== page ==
Boiling water involves taking it from it's at-rest temperature up to 100c: if the weather's better one day then the resting temperature of the water will likely be slightly higher. This reduced temperature gap means that less energy will be required to bring the water to the boil.

However, the difference between ambient temperature on each day was fairly marginal


I did consider putting a probe in the kettle so that I could graph out temperature ranges, but my only long electronic temperature probe has a rubber coating and I didn't want to risk ruining the kettle.

Water Volume

The higher the volume of water, the more energy is needed to boil it.

In an ideal world, measurements would be exact so that we could be sure the same volume of water was going into the kettle, but

  • That wouldn't reflect real-life usage
  • I was measuring this during a standard day: I don't have time to be measuring to exacting standards

When I refilled the kettle, it was to the minimum line (still more water than actually needed) which claims to be 500ml.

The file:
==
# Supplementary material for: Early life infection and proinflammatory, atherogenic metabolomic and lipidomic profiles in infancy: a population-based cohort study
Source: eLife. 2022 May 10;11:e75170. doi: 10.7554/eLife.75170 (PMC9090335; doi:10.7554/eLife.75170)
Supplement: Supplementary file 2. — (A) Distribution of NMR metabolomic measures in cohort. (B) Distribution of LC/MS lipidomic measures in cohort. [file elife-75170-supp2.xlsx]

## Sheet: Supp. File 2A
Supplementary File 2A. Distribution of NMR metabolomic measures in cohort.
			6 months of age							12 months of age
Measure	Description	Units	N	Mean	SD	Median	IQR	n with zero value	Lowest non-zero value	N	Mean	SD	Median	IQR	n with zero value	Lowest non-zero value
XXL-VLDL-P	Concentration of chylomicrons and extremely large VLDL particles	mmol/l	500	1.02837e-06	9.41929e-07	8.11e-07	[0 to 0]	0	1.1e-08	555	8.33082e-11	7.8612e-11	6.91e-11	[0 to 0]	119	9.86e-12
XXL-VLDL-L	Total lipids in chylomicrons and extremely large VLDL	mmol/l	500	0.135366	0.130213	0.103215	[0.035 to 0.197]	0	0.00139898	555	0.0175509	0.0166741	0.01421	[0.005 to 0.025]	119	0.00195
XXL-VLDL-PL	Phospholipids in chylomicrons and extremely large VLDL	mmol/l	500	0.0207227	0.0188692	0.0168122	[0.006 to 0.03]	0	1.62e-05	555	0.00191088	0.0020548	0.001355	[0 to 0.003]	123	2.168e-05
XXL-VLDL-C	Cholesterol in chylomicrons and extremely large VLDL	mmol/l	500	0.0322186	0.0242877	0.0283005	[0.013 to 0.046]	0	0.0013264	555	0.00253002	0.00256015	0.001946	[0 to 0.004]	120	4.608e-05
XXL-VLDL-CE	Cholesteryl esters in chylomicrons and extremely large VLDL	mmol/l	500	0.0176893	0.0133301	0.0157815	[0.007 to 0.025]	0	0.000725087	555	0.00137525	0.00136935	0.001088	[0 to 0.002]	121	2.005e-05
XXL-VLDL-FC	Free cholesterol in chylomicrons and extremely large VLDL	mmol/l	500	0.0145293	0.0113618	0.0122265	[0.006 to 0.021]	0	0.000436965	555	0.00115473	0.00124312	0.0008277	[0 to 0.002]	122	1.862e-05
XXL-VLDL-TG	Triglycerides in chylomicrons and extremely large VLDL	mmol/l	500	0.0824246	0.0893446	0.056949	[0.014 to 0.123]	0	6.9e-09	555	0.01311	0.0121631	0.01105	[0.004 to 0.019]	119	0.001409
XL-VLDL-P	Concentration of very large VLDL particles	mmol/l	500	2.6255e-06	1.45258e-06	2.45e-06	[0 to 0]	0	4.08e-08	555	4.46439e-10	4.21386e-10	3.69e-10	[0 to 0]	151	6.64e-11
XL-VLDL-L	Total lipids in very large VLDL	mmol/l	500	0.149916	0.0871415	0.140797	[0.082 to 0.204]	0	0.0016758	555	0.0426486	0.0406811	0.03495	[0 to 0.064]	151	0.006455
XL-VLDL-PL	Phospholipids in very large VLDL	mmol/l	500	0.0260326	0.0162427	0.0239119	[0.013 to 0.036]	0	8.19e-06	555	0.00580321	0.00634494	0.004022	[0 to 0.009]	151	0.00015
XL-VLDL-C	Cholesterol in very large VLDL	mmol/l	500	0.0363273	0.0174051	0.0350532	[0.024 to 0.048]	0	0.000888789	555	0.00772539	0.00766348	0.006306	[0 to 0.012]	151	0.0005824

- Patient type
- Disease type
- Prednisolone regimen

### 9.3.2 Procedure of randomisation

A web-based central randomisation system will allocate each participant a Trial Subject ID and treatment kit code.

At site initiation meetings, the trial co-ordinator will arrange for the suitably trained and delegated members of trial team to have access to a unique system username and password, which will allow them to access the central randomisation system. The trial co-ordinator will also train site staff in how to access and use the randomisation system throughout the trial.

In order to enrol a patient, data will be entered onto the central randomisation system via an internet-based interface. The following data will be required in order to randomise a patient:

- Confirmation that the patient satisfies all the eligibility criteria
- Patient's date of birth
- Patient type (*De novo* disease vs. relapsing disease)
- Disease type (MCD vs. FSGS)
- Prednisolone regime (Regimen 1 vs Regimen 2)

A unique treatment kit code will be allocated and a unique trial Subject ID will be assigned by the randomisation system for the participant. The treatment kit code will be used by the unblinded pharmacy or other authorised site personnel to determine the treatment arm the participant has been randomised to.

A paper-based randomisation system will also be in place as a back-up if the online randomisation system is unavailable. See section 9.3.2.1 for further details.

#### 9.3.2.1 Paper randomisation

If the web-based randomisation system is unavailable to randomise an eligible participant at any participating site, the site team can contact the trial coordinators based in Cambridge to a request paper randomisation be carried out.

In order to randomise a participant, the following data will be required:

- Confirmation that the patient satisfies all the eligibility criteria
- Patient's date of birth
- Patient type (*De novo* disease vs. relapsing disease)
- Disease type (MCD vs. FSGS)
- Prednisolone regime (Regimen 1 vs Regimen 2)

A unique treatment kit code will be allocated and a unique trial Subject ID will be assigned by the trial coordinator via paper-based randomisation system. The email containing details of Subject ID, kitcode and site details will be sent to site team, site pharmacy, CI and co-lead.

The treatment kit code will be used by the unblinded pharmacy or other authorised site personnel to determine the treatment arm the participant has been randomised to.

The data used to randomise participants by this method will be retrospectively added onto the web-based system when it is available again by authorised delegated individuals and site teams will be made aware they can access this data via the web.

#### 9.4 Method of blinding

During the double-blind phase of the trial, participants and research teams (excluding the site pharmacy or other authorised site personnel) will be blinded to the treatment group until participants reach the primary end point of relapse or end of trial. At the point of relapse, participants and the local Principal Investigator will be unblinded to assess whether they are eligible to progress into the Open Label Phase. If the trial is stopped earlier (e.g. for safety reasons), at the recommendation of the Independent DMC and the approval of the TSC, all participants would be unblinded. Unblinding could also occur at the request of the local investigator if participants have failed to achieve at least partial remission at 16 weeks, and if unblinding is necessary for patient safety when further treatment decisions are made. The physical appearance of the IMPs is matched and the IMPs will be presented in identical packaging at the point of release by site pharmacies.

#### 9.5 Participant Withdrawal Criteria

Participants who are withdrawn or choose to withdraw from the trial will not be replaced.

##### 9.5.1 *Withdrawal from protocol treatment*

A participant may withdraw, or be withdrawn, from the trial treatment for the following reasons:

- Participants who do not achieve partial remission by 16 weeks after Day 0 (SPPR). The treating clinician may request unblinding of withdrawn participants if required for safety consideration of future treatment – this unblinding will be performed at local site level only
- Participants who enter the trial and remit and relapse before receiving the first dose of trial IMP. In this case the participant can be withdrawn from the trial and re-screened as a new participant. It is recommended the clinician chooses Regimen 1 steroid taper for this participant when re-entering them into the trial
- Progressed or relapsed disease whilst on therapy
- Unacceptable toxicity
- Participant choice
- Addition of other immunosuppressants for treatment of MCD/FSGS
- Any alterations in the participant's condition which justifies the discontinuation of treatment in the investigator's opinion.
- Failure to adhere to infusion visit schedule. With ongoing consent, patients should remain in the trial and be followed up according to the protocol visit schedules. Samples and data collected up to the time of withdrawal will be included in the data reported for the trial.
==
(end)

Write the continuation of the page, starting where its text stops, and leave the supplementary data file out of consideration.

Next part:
Kettle Scaling

Whether you refill or reboil, the kettle will always pick up a little bit of limescale.

At the start of this, my kettle had a small amount of limescale build-up

Kettle Limescale

To control for this, I added a day to the end where the kettle had been freshly de-scaled in order to judge what difference (if any) it might have made.


Day 1: Refills

On day 1 I followed my standard approach - empty and refill the kettle with 500ml (the minimum) every time.

This Flux query shows the amount of power consumed per boil (rather than peak draw)

from(bucket: "Systemstats/autogen")
  |> range(start: v.timeRangeStart, stop: v.timeRangeStop)
  |> filter(fn: (r) => r._measurement == "power_watts")
  |> filter(fn: (r) => == "kettle")
  |> filter(fn: (r) => r._field == "watts_today")